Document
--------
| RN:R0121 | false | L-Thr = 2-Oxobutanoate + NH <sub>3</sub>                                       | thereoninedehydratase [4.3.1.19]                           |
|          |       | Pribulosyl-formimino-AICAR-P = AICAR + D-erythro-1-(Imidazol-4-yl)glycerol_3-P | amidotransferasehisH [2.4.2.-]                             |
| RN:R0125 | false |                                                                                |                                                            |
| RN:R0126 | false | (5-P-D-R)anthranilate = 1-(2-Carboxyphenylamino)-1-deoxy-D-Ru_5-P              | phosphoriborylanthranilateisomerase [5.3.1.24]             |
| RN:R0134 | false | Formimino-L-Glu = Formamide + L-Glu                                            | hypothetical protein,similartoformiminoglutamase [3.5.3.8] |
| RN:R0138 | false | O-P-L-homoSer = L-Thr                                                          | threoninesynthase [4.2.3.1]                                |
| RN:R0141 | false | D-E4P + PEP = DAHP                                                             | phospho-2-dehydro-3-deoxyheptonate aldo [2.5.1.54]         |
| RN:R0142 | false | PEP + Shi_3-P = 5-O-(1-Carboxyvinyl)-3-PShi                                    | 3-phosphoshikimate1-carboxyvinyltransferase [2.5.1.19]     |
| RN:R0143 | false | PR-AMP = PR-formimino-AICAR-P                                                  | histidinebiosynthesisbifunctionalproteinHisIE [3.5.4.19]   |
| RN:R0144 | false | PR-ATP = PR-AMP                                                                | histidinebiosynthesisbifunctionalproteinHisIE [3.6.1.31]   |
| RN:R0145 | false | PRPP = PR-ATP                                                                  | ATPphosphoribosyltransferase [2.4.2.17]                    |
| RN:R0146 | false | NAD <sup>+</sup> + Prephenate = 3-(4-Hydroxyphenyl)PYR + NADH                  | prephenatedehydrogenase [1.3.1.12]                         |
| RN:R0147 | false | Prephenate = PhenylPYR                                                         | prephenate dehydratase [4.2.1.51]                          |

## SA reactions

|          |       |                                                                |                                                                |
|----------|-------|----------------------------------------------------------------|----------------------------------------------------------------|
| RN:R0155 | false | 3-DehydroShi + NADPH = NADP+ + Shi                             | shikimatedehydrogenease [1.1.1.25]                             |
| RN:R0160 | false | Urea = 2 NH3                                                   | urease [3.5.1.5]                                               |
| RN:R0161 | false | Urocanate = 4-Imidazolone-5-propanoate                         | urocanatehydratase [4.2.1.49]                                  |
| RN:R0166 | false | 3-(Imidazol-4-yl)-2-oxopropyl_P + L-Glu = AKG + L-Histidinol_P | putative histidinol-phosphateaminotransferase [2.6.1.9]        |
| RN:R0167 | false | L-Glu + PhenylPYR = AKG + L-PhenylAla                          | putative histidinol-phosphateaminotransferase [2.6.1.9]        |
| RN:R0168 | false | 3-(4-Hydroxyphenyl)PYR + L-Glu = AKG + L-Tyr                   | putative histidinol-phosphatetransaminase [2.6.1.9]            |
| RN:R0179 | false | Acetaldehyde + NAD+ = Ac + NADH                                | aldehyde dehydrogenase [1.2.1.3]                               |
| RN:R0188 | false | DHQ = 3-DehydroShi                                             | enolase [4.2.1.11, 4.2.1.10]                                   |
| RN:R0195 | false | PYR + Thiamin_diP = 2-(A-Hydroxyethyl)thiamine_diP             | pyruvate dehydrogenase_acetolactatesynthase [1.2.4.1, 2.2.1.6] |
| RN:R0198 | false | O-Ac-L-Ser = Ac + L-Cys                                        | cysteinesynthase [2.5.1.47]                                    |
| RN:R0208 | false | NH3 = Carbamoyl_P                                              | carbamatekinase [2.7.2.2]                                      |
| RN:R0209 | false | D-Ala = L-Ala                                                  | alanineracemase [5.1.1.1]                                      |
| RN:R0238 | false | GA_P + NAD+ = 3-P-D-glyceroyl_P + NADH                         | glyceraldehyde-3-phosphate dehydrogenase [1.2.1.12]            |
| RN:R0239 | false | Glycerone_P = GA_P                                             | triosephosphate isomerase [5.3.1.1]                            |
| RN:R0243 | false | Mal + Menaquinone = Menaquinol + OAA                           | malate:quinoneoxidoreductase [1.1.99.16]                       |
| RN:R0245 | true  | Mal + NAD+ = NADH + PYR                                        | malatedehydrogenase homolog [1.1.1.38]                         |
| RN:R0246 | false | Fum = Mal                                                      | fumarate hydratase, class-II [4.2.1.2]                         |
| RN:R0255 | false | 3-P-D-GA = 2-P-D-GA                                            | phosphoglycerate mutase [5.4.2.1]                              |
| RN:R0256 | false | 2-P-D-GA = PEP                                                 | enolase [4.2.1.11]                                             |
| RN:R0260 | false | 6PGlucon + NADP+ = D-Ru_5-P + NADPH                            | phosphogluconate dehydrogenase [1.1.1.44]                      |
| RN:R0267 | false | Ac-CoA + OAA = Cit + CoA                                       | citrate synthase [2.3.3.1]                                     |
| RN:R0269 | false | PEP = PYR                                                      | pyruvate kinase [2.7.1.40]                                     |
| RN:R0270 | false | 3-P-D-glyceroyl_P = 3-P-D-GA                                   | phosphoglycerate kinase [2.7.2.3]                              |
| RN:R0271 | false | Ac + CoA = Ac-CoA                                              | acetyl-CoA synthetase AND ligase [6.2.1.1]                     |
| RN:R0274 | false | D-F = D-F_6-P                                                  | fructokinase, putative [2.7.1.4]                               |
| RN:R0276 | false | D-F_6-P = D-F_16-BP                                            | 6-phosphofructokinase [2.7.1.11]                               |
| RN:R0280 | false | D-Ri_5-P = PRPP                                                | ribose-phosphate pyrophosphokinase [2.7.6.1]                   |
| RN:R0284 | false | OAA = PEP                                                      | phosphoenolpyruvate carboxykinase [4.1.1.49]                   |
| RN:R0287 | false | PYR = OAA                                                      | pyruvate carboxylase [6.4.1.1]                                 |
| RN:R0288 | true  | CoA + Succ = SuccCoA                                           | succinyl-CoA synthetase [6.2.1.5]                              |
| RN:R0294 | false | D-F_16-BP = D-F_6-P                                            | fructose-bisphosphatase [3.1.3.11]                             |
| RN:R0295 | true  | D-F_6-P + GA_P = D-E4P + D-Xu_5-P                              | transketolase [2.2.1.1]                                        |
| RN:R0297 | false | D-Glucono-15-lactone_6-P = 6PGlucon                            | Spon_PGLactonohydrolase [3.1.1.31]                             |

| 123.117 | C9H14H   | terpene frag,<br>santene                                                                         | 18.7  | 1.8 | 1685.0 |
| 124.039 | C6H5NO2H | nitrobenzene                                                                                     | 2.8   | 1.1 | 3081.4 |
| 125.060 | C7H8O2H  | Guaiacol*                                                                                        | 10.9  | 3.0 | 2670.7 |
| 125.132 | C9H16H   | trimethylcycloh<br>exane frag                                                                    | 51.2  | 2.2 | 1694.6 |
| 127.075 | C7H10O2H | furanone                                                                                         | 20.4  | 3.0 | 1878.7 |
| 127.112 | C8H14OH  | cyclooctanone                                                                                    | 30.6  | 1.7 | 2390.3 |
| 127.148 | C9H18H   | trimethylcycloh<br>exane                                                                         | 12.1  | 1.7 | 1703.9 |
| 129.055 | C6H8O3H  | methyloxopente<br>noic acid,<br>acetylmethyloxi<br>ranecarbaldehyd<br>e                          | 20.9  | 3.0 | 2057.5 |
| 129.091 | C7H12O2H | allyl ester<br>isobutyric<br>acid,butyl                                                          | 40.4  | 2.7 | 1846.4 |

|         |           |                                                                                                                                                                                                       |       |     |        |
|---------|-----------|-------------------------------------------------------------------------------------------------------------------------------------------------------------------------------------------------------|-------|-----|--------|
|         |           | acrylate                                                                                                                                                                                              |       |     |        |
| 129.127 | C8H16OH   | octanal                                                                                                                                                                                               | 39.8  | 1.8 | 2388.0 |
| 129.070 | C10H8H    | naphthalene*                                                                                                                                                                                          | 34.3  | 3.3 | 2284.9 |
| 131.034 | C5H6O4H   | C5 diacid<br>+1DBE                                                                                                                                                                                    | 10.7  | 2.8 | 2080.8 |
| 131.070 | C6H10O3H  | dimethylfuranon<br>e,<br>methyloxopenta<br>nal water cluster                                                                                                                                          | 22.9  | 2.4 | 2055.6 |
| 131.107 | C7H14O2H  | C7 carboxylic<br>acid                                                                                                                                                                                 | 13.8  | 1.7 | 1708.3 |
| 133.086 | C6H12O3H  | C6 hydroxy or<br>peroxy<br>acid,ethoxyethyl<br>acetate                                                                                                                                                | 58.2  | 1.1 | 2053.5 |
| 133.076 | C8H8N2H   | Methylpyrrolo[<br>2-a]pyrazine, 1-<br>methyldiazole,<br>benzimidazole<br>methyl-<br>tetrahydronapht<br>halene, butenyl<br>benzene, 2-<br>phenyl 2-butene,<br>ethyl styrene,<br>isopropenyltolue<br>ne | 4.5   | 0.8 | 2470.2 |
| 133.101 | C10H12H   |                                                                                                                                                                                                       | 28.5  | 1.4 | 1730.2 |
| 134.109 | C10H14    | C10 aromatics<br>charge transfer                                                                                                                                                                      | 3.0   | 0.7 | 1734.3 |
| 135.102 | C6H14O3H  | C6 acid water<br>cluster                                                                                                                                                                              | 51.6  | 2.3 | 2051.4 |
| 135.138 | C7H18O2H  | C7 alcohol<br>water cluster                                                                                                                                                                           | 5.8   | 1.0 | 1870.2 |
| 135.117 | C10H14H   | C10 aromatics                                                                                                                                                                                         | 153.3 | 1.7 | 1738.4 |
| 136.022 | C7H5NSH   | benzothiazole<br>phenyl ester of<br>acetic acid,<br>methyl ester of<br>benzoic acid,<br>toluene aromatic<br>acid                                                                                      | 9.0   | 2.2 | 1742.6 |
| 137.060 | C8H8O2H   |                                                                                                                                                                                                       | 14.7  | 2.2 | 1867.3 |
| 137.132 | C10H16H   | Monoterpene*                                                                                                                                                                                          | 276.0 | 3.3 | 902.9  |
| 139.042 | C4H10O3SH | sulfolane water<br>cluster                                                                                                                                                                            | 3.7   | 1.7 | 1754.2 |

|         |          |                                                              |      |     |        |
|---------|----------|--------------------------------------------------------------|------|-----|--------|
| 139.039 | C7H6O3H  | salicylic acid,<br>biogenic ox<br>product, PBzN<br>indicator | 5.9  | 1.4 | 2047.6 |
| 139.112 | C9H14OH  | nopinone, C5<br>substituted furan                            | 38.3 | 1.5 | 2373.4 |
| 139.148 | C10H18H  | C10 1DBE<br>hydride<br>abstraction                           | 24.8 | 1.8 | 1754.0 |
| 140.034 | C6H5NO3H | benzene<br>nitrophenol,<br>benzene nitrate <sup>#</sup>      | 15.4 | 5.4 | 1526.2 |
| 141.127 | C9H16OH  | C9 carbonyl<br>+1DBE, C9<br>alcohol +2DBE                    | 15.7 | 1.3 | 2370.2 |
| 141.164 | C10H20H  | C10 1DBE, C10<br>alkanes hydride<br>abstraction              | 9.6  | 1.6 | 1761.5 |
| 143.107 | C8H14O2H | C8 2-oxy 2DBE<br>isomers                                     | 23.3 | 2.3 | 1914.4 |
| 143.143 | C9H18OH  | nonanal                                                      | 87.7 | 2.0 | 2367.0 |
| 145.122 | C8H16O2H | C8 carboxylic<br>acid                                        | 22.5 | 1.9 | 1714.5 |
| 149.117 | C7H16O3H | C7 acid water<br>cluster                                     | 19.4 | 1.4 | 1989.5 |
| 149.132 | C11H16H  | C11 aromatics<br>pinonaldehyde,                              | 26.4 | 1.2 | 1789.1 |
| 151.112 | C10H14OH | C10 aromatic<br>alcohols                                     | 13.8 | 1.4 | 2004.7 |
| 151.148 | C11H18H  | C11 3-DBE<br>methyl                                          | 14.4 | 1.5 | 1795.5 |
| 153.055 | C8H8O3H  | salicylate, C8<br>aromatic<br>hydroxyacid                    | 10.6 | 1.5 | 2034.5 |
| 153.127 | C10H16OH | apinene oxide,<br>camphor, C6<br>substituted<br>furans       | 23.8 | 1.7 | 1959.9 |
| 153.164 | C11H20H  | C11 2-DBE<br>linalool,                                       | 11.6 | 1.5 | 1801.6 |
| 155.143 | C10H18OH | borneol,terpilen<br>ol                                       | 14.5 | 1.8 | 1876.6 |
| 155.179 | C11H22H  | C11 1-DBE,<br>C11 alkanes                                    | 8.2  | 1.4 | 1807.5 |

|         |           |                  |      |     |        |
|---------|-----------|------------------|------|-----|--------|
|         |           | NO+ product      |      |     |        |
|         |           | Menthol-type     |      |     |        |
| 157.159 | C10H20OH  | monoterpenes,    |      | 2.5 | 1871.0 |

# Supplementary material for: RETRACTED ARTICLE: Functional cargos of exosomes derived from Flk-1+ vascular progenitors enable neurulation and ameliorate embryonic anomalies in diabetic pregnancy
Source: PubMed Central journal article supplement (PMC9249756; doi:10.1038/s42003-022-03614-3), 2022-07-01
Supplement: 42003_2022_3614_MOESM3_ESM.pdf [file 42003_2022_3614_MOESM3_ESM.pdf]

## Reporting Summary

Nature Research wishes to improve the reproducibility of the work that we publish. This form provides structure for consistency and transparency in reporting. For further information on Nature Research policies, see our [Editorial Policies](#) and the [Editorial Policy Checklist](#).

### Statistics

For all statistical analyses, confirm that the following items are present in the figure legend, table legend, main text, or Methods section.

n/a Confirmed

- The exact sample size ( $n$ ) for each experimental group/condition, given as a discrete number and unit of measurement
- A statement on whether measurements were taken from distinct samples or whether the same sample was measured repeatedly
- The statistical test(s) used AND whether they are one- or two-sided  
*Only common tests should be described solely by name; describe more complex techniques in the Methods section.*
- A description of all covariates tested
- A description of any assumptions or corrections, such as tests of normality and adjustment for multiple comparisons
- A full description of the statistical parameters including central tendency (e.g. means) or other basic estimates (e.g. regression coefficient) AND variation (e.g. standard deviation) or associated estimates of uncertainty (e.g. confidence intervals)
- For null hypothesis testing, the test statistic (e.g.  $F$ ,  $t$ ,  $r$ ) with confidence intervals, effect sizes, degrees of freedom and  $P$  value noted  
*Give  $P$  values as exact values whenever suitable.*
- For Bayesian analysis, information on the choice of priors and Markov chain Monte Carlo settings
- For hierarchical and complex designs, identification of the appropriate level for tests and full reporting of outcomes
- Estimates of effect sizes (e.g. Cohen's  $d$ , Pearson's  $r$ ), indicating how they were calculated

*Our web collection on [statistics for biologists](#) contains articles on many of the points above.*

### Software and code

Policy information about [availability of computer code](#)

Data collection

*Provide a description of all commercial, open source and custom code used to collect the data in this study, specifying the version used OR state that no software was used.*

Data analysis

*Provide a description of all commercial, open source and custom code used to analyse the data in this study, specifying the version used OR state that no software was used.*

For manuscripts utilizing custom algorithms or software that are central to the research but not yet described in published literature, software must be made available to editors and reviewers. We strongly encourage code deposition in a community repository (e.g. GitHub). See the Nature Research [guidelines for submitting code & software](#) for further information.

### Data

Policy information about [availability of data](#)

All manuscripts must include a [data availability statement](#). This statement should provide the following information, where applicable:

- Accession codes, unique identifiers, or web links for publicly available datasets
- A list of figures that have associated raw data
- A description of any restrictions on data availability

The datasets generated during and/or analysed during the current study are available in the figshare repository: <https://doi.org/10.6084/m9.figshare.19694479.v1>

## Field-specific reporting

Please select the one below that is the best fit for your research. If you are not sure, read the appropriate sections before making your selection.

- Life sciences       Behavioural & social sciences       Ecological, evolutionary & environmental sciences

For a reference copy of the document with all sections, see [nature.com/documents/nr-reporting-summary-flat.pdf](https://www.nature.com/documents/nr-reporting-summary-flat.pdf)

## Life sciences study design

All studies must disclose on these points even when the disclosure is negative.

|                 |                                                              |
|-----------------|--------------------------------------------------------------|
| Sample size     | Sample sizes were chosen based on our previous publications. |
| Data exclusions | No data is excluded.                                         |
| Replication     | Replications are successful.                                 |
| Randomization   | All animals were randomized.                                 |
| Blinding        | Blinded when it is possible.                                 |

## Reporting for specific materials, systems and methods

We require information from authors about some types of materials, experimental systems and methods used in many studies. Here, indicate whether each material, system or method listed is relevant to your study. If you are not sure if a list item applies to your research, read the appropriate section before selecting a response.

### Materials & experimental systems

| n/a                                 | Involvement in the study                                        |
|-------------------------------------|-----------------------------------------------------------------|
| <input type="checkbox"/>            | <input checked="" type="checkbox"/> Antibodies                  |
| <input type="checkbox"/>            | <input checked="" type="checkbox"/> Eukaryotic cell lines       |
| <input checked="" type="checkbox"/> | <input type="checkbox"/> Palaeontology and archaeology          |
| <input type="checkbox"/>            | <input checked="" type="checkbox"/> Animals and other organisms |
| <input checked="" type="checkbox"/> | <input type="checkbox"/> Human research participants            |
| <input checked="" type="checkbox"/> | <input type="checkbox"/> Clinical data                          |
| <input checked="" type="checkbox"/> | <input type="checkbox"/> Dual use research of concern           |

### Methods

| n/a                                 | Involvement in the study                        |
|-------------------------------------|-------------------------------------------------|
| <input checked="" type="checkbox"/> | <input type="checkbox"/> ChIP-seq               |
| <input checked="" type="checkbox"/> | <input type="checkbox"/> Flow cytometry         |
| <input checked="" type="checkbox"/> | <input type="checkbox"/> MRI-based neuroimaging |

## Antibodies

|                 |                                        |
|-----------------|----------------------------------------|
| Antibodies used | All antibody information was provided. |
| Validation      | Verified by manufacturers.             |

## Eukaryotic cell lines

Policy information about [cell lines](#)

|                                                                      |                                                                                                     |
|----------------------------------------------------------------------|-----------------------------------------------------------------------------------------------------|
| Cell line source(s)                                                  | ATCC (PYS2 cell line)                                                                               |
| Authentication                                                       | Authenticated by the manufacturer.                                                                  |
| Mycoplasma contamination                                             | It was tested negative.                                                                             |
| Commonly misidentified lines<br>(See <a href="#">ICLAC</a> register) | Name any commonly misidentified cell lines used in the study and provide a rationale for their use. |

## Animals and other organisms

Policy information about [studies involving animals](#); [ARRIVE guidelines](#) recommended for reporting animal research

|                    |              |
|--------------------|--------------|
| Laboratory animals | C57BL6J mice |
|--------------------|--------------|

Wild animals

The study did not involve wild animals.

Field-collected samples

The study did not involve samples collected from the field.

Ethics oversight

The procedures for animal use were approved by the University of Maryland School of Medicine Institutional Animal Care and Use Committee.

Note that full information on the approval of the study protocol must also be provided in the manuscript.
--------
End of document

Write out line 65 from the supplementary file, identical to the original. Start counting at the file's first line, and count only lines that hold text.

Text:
| 131.070 | C6H10O3H  | dimethylfuranon<br>e,<br>methyloxopenta<br>nal water cluster                                                                                                                                          | 22.9  | 2.4 | 2055.6 |